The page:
INTERIOR: there are four rooms to the ground floor; the easternmost of these, entered through large glazed doors, may have been the showroom. At the angles of the room the masonry of the elevations is exposed, and has been painted. Internal partitions throughout the building are formed of fielded panelling, and within this principal room is a panelled partition with glazing to the lobby to the west, and a panelled, half-glazed door. Within the lobby there are built-in panelled cupboards and shelving units, a panelled stair, and the floor is laid with slate flags. On the first floor the easternmost two bays, originally open, have been subdivided from two rooms. This appears to have been the smartest room, fully panelled, and with a fireplace, now with roughcast render on the chimneybreast. There is a large cupboard in the west wall. The western half of the first floor is not accessible from the east, and has a separate stair. It is lined in unpainted panelling.
SUBSIDIARY FEATURES: entrance to the yard is through a pair of gates at the south-east corner. There are low rubble masonry walls with intermittent piers, with timber railings (replacing iron) in between.
Date first listed: 5th June 2019


Historic England, 2019, Office and Showroom, Boundary Walls and Gatepiers at Berry and Vincent Builder's Yard, 18 Union Road, Crediton, Devon (List of Blds of Arch or Historic Interest). SDV363043.

Notification that the Office and Showroom, Boundary Walls and Gatepiers at Berry and Vincent Builder's Yard have been added to the List of Buildings of Special Architectural or Historic Interest. The building is now listed at Grade II.
The office and showroom, boundary wall and gatepiers to the Berry and Vincent builder’s yard were
recommended for listing at Grade II for the following principal reasons:
Architectural interest:
* a rare example of an office and showroom associated with a building company, probably built to serve the monumental masonry arm of the business;
* a distinctive neo-vernacular building whose commercial function is apparent through its large shop
windows and interior fittings;
* it survives well, forming a smart entrance to the yard.
Historic interest:
* associated with Berry and Vincent, a Crediton firm in busines s from 1770 until the late C20, which was prolific in the town and county, and which built a number of the town’s buildings which are now listed.
Group value:
* the office has a direct visual and historic functional relationship with 1 Church S treet (Grade II) and the Church of the Holy Cross (Grade I).
The ancillary buildings within the Berry and Vincent builder’s yard are not recommended for listing for the following principal reas ons :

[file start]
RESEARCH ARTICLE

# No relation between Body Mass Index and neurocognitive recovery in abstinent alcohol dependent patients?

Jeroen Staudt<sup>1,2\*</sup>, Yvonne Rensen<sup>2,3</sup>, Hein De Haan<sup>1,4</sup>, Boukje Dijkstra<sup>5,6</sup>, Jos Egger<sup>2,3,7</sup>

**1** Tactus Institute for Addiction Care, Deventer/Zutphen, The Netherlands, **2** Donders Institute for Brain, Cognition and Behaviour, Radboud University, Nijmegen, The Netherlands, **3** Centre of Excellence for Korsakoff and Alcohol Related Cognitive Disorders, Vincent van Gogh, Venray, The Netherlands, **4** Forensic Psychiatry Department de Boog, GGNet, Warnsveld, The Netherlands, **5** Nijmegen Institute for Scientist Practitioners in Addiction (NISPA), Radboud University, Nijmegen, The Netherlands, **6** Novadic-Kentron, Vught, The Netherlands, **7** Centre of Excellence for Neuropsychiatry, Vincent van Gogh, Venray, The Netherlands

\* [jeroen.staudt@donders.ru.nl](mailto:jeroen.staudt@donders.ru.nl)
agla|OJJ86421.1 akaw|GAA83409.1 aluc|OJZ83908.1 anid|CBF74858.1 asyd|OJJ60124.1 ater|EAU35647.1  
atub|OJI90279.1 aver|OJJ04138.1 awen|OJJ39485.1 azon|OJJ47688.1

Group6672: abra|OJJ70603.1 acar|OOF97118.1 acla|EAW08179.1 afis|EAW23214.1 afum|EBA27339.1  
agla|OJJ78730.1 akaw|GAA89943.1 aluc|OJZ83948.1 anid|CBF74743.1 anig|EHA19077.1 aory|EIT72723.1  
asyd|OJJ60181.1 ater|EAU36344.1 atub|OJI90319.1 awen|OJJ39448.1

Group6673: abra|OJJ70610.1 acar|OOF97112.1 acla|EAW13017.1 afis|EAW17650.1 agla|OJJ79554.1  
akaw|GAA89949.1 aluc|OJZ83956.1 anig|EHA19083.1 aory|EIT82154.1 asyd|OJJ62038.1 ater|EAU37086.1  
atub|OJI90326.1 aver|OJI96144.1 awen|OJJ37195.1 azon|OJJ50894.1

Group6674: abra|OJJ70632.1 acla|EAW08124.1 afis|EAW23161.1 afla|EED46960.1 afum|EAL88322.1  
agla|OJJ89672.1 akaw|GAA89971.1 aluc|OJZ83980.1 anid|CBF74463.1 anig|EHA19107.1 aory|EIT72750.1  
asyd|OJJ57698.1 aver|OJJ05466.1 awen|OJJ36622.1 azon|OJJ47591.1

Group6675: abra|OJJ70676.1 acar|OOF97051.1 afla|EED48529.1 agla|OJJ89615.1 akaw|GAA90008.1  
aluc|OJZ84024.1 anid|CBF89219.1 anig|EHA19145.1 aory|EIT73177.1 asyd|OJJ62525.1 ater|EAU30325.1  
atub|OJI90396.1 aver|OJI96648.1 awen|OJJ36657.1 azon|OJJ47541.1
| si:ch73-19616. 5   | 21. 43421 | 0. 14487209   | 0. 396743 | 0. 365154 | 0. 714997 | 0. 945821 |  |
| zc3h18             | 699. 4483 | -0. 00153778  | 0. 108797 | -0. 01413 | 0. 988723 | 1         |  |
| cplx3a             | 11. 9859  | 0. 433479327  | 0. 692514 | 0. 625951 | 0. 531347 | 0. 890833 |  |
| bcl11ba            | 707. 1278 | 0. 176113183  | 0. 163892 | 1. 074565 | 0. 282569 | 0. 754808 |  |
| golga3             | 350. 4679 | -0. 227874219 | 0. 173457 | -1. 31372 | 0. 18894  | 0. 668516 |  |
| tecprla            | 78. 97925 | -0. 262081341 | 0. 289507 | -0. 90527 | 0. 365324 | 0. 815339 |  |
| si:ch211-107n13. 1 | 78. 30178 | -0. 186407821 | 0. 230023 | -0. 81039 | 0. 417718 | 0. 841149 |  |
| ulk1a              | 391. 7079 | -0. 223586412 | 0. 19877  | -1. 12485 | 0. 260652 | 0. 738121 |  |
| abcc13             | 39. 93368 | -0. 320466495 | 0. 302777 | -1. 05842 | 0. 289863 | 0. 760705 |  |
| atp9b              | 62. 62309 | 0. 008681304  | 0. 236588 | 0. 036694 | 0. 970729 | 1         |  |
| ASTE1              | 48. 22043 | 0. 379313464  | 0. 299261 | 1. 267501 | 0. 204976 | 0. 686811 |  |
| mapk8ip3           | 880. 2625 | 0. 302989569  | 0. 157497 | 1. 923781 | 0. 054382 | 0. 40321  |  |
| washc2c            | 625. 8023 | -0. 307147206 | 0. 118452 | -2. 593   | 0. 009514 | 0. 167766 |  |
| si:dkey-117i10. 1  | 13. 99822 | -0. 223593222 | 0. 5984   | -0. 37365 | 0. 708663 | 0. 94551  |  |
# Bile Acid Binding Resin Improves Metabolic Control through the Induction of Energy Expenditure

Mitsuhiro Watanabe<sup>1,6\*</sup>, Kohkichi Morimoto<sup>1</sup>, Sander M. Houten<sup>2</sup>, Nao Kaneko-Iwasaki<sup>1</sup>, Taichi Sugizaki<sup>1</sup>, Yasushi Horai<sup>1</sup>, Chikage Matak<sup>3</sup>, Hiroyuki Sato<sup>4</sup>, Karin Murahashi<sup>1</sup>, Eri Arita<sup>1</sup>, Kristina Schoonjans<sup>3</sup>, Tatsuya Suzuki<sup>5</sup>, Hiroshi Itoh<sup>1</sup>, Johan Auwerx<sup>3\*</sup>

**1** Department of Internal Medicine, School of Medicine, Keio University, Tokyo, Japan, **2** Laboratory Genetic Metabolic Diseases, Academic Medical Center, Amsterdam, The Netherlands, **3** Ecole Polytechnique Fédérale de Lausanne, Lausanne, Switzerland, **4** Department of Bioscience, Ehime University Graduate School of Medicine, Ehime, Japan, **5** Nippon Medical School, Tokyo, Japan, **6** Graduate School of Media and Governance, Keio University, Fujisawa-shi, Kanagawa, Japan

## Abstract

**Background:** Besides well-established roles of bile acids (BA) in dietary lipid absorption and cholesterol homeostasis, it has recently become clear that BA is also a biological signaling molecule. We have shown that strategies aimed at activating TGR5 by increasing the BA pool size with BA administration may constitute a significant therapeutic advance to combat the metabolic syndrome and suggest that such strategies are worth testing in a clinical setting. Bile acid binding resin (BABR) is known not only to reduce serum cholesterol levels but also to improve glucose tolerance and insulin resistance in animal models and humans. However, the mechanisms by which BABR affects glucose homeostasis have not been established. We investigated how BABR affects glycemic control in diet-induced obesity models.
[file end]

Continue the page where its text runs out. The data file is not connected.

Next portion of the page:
Architec tural interest:
* the works hop is an assemblage of features and materials , and multiple phases of reconfiguration have impacted upon its original lay out;
* the shelters, store and possible forge are utilitarian structures which have, cumulatively , undergone
much alteration;
* the functions of the individual buildings, and their interrelationship is unclear, and they do not provide telling evidence of the processes and operation of a C19 builder’s yard.

Sources / Further Reading

SDV344030Cartographic: Ordnance Survey. 2010. MasterMap. Ordnance Survey. Map (Digital). [Mapped feature: #105752 ]
SDV345978Report - non-specific: Mid Devon District Council. 2003. Crediton Conservation Area Appraisal. Mid Devon District Council Report. A4 Stapled + Digital. Photo 39.
SDV362730National Heritage List for England: Historic England. 2019. National Heritage List for England. Historic Houses Register. Digital. 1464174.
SDV362926Report - Survey: Cox, J. + Thorp, J. R. L.. 2015. Berry and Vincent, 18 Union Street, Crediton: Historic Building Assessment. Keystone Historic Buildings Consultants. K868. Digital.
SDV362976List of Blds of Arch or Historic Interest: Historic England. 2019. Berry & Vincent site, 18 Union Road, Crediton, Devon. Notification of Application to Add Building to List. Email.
SDV363004List of Blds of Arch or Historic Interest: Historic England. 2019. Berry and Vincent Builder's Yard, 18 Union Road, Crediton, Devon. Notification of Completion of Initial Assessment. Digital.
SDV363043List of Blds of Arch or Historic Interest: Historic England. 2019. Office and Showroom, Boundary Walls and Gatepiers at Berry and Vincent Builder's Yard, 18 Union Road, Crediton, Devon. Notification of Addition to List. Email.

Associated Monuments: none recorded

Associated Finds: none recorded

Associated Events

  • EDV8083 - Historic Building Assessment: Berry and Vincent, 18 Union Street, Crediton (Ref: K868)

Date Last Edited:Jul 10 2019 10:56AM